Soda ban lawsuit revives controversy

Dr. Sixto Caro, right, a member of the New York City Board of Health, explains his objections to the soda ban while the city's Health Commissioner, Dr. Thomas Farley, center, looks on.
Miles Dixon/Metro

The American Beverage Association and other co-plaintiffs presented opening arguments today in a lawsuit alleging that the Board of Health “overstepped its authority by trying to issue new policy” with the soda ban.

The soda ban is a new regulation prohibiting the sale of sodas larger than 16 ounces in arenas, restaurants, and movie theaters. It does not apply to businesses like 7-11, where the majority of sales comes from packaged food as opposed to prepared food.

Those businesses are affected by retail regulations, not health department regulations, according to J. Justin Wilson, a senior research analyst at the Center for Consumer Freedom.

The ban is set to take effect in March.

The ban has been largely credited to Mayor Michael Bloomberg, as one of his health policies directed at combating obesity.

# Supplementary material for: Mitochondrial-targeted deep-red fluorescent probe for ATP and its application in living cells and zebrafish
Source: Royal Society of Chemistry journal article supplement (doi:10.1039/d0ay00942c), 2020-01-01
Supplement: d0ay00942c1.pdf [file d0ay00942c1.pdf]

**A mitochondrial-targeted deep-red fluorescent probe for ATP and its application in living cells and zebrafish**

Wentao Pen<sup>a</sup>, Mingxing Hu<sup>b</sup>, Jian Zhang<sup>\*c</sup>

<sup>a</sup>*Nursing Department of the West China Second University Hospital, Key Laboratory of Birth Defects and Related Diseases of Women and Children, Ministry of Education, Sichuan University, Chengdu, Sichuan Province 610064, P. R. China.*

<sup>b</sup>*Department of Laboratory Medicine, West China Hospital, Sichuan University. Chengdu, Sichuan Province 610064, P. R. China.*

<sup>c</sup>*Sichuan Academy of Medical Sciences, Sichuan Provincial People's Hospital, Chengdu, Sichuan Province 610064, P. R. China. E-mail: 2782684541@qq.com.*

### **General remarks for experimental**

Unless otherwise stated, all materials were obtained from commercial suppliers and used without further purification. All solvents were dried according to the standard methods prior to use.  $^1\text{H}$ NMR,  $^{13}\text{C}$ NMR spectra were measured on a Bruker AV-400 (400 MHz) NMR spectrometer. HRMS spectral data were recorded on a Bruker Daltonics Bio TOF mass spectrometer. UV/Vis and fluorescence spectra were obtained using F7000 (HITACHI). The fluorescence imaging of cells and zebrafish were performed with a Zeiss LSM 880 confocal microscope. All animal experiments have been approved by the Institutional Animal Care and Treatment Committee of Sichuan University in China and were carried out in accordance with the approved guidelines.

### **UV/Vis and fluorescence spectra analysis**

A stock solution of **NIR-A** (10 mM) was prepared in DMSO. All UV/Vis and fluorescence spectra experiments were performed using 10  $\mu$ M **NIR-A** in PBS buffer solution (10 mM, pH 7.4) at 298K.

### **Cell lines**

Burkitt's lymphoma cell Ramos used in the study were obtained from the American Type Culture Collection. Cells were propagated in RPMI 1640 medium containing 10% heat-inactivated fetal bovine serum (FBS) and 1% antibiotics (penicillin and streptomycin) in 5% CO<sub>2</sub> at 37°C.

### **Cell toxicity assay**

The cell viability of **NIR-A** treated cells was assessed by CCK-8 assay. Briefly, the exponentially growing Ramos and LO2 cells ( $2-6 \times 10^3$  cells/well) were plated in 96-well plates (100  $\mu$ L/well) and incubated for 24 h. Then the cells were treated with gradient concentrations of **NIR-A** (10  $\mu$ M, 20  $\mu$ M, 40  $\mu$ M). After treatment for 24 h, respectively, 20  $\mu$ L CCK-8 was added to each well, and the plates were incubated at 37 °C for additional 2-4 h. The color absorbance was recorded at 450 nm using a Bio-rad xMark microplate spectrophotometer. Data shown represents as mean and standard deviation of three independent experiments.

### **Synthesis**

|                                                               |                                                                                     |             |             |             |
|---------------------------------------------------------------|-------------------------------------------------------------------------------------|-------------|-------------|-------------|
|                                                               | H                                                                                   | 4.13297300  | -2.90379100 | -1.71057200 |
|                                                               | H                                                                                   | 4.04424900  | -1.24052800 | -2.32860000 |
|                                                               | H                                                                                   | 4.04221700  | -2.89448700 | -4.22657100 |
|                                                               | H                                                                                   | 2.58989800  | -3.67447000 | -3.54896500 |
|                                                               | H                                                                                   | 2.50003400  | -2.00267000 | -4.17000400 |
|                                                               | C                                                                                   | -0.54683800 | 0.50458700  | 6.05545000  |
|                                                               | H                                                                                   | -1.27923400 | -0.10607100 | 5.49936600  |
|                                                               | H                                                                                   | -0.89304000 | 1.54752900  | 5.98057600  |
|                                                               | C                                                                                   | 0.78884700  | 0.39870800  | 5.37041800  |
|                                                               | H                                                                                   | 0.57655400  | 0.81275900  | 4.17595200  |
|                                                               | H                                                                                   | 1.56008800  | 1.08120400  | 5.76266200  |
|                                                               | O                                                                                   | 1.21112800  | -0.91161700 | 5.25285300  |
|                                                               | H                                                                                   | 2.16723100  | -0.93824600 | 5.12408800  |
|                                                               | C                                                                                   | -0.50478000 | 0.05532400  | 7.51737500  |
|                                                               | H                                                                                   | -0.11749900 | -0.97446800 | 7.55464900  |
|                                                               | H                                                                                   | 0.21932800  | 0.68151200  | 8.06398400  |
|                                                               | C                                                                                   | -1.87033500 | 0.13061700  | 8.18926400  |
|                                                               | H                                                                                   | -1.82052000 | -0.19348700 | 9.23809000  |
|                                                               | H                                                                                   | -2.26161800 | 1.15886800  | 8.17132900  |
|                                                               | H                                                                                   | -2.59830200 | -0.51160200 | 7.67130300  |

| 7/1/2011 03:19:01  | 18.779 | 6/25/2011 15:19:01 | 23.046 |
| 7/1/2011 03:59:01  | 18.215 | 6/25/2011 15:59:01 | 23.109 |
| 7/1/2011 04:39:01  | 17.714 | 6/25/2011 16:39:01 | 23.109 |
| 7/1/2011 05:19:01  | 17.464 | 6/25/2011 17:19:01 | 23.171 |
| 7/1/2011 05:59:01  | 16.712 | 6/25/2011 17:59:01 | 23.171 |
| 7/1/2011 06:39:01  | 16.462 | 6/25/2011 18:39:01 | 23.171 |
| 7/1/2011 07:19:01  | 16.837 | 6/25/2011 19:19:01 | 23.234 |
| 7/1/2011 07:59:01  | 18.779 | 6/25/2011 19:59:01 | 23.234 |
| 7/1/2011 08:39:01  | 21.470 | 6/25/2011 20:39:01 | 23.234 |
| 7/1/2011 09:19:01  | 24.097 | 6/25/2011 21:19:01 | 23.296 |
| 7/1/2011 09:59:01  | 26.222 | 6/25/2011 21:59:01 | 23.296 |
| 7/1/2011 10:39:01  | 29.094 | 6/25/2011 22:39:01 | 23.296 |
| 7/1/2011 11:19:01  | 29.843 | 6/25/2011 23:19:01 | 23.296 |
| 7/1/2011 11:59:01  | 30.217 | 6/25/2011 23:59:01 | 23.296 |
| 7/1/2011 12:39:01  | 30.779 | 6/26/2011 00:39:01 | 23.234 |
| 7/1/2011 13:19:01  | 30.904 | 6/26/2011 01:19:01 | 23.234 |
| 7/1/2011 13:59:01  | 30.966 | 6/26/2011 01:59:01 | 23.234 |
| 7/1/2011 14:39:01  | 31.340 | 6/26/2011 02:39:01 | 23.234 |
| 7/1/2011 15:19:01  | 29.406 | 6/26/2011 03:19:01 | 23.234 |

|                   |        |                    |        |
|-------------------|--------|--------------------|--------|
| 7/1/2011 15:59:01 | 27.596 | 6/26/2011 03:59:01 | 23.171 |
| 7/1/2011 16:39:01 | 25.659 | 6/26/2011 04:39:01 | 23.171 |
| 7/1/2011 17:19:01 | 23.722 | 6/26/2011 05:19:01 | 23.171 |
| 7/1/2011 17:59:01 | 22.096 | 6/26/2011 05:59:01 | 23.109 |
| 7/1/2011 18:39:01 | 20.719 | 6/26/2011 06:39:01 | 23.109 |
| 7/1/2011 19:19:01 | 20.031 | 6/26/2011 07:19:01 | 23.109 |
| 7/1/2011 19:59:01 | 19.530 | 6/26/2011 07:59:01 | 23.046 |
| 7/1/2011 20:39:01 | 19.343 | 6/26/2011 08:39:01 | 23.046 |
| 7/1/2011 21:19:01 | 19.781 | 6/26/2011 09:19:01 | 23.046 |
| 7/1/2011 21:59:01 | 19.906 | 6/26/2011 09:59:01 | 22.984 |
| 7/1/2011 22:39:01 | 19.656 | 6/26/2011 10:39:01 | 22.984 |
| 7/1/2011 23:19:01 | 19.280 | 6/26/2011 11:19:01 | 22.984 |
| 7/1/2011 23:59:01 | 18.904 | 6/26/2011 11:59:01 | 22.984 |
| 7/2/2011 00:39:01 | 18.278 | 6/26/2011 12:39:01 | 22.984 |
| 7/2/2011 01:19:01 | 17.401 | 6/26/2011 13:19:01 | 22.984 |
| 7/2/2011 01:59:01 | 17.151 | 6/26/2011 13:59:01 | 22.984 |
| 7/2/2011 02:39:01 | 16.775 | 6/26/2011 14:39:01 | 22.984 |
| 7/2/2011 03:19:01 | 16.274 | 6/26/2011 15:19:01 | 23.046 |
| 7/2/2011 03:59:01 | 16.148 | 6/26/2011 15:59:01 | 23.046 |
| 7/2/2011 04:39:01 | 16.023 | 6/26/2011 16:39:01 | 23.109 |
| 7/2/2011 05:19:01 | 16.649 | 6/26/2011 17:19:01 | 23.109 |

Amicus briefs were filed for the ABA case by the NAACP New York State Conference and the Hispanic Federation, among others, putting forth race-based complaints, asserting that the ban will arbitrarily affect minorities and minority business owners in particular.

NY NAACP President Hazel Dukes called the ban “neither prudent nor helpful in the overall fight against obesity.”

“A real solution would address issues like access to healthier foods, particularly in the food deserts that exist in low-income neighborhoods,” Dukes said.

She also pointed out that the ban “impacts corner bodegas but not grocery stores,” thereby risking “disproportionately impacting the people who can least afford it: those who frequent corner markets and not gourmet stores.”

The ABA said the regulations should have gone through the elected City Council, rather than the mayor-appointed Board of Health.

Follow Danielle Tcholakian on Twitter @danielleiat


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